Thursday, August 19, 2010

A Song-by-Song Review of Raising Up the Dead: Streets of Gold

I got debts that I can’t pay
I won’t see another dime a day, o yea
And the rain falls down this government line
While the suits get a room in a hotel, wasting time

And it’s easy to fall down hard
And it’s easy to fall

But I know, I’m walking tomorrow paved on streets of gold

And this car I drive is a little worn,
But I’ve got to make it to Houston in this storm
Cause what little peace that I can find
Is flowing through the bayou not this vine

And it’s easy to fall down hard
And it’s easy to fall

But I know I’m walking tomorrow paved on streets of gold
I know this time in the valley, it can only save my soul

O they say not to worry about tomorrow
Does that mean I should live for today
Cause right now I can’t find the peace of mind to stay

I know I’m walking tomorrow, paved on streets of gold
And I know my time in the valley, can only save my soul

If any song sounds like vintage Caedmon’s, this one does, down to the chording, the harmonies and the folksy sound. The strangeness of the grammar on this song distracted me a bit once I actually started listening to the lyrics. Nevertheless, I love the percussion on this song and the harmonies.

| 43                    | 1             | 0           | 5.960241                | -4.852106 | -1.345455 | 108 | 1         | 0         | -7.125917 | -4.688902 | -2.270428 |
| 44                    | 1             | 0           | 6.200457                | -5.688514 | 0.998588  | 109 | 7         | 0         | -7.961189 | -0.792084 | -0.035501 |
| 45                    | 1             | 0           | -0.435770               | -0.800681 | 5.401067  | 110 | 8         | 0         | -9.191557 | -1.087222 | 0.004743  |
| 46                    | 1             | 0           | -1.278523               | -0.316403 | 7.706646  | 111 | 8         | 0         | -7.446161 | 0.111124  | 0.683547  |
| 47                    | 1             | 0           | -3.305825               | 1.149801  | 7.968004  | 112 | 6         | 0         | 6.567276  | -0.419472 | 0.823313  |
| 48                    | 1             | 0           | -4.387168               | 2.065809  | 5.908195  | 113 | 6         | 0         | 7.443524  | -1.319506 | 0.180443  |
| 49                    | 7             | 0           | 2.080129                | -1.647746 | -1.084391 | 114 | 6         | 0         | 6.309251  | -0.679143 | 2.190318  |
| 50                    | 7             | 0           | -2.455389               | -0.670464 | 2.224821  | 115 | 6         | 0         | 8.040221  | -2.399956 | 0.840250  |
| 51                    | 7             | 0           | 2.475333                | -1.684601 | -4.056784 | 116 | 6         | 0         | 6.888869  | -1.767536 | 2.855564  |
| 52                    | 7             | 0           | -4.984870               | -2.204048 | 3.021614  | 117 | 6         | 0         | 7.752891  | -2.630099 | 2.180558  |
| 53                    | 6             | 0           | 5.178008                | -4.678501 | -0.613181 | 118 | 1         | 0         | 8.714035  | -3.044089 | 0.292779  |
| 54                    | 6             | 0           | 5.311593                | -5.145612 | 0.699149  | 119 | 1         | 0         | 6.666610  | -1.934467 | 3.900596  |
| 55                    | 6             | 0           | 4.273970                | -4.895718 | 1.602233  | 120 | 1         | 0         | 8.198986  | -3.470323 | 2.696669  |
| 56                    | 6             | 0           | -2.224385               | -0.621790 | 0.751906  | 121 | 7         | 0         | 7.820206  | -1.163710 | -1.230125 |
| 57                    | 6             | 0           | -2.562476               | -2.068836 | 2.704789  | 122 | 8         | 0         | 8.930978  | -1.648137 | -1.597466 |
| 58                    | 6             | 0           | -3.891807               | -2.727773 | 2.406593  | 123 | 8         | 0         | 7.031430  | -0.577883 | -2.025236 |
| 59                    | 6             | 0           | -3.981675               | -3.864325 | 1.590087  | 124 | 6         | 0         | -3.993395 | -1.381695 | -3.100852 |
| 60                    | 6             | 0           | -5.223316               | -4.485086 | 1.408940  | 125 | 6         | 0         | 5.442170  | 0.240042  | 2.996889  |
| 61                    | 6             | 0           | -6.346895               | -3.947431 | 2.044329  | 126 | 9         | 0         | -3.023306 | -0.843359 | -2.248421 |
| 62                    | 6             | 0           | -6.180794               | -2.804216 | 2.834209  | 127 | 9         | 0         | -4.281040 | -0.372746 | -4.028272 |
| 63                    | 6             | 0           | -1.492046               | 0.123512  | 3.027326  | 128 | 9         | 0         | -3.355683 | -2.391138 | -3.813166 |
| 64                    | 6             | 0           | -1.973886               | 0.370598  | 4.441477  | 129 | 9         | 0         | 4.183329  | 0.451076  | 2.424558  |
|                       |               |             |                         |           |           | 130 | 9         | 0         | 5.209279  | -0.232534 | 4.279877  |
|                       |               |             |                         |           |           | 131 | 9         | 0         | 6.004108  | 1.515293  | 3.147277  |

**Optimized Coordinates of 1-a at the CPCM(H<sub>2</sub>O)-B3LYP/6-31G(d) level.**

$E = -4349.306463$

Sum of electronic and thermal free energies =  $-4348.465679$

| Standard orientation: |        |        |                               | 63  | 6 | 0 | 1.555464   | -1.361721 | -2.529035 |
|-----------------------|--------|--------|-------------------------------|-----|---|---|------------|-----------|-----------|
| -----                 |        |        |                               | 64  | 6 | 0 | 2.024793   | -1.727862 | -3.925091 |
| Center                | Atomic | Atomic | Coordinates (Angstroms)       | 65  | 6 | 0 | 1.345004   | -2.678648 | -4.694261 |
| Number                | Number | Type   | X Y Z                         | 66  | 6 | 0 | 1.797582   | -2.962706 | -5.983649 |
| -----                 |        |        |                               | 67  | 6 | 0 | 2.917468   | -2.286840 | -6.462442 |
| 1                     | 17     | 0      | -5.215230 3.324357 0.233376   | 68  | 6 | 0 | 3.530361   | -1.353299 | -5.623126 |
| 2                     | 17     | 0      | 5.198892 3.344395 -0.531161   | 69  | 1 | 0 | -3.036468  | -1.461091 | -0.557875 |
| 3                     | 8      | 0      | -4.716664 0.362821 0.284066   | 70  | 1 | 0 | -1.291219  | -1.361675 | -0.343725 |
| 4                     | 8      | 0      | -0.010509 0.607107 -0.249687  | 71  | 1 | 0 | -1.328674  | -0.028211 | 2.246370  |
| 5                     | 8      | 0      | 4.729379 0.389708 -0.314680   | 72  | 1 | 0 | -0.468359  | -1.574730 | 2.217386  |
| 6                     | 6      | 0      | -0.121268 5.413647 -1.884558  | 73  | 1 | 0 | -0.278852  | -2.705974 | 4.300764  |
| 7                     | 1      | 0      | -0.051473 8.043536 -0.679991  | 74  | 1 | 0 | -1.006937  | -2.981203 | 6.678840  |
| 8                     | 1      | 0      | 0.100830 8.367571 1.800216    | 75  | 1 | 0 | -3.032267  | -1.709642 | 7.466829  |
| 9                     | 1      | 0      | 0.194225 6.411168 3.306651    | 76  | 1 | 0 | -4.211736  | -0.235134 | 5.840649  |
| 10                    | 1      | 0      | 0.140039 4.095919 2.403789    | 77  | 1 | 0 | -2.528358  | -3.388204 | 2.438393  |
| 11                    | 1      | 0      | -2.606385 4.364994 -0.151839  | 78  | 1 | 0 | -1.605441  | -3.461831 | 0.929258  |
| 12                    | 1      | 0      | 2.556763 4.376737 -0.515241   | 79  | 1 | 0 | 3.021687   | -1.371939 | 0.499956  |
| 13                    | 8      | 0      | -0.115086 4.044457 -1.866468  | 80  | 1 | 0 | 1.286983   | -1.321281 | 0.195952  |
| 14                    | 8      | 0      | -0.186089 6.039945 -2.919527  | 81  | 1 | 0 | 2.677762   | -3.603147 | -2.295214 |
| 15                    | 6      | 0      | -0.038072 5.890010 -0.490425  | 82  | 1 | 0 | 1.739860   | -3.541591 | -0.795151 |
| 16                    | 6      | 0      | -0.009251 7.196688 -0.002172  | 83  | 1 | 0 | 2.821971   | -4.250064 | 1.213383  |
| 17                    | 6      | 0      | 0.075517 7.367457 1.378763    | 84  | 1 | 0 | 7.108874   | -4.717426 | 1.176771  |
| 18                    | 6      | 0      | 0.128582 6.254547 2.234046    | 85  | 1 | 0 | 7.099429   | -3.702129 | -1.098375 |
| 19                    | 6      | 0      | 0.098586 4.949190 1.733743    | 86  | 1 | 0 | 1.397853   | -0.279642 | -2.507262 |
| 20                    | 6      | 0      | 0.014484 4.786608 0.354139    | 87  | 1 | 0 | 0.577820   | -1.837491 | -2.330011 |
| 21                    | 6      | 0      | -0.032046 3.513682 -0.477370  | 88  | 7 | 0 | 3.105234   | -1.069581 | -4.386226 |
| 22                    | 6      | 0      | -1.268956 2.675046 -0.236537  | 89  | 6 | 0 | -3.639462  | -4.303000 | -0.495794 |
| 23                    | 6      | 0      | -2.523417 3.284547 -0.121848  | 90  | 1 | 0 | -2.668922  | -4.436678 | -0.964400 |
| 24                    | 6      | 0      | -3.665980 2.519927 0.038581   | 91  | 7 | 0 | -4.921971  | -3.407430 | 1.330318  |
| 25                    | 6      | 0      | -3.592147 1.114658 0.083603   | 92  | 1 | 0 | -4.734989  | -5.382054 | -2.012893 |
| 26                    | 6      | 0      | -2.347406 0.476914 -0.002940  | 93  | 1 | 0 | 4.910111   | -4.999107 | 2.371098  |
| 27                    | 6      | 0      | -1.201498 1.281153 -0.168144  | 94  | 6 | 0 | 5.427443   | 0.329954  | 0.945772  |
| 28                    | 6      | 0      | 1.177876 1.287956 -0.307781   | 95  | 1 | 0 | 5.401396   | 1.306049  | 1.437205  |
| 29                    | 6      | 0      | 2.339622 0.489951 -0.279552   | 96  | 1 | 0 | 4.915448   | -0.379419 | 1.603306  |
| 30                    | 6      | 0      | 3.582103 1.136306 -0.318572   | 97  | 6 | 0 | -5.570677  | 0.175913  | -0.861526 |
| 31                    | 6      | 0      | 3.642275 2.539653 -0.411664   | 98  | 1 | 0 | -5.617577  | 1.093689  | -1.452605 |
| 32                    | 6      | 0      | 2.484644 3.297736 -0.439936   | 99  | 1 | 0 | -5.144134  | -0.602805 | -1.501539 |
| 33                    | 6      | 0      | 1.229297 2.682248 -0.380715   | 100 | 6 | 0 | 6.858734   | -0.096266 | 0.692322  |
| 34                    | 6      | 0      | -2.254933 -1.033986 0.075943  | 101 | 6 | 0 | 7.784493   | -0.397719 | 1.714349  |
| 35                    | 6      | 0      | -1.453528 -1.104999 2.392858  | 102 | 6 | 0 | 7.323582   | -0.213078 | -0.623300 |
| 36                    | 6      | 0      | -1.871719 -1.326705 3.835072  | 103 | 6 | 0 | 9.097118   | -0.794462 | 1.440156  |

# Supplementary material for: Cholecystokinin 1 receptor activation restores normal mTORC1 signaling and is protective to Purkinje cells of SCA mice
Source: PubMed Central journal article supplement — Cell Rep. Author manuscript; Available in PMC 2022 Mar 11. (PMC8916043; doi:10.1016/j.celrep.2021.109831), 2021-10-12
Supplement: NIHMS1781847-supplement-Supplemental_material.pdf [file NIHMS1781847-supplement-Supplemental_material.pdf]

Themes of contentment, jealousy and living with a proper eschatological hope predominate here. The song does work as a nice counterpoint to the siren song of “Come with Me.” The narrator is rough around the edges. His life is not perfect, he’s waiting in line for government checks and drives an old car. Instead of listening to the siren song about green shores, however, this person doesn’t reach for the eternity that waits for him on the other side. He allows himself to walk through the valley. I feel as if this song would be poignant for those who have recently lost their jobs. It’s easy to fall down hard. Peace is difficult to find. But there is hope. It is a hope that doesn’t lead to apathy here on earth.

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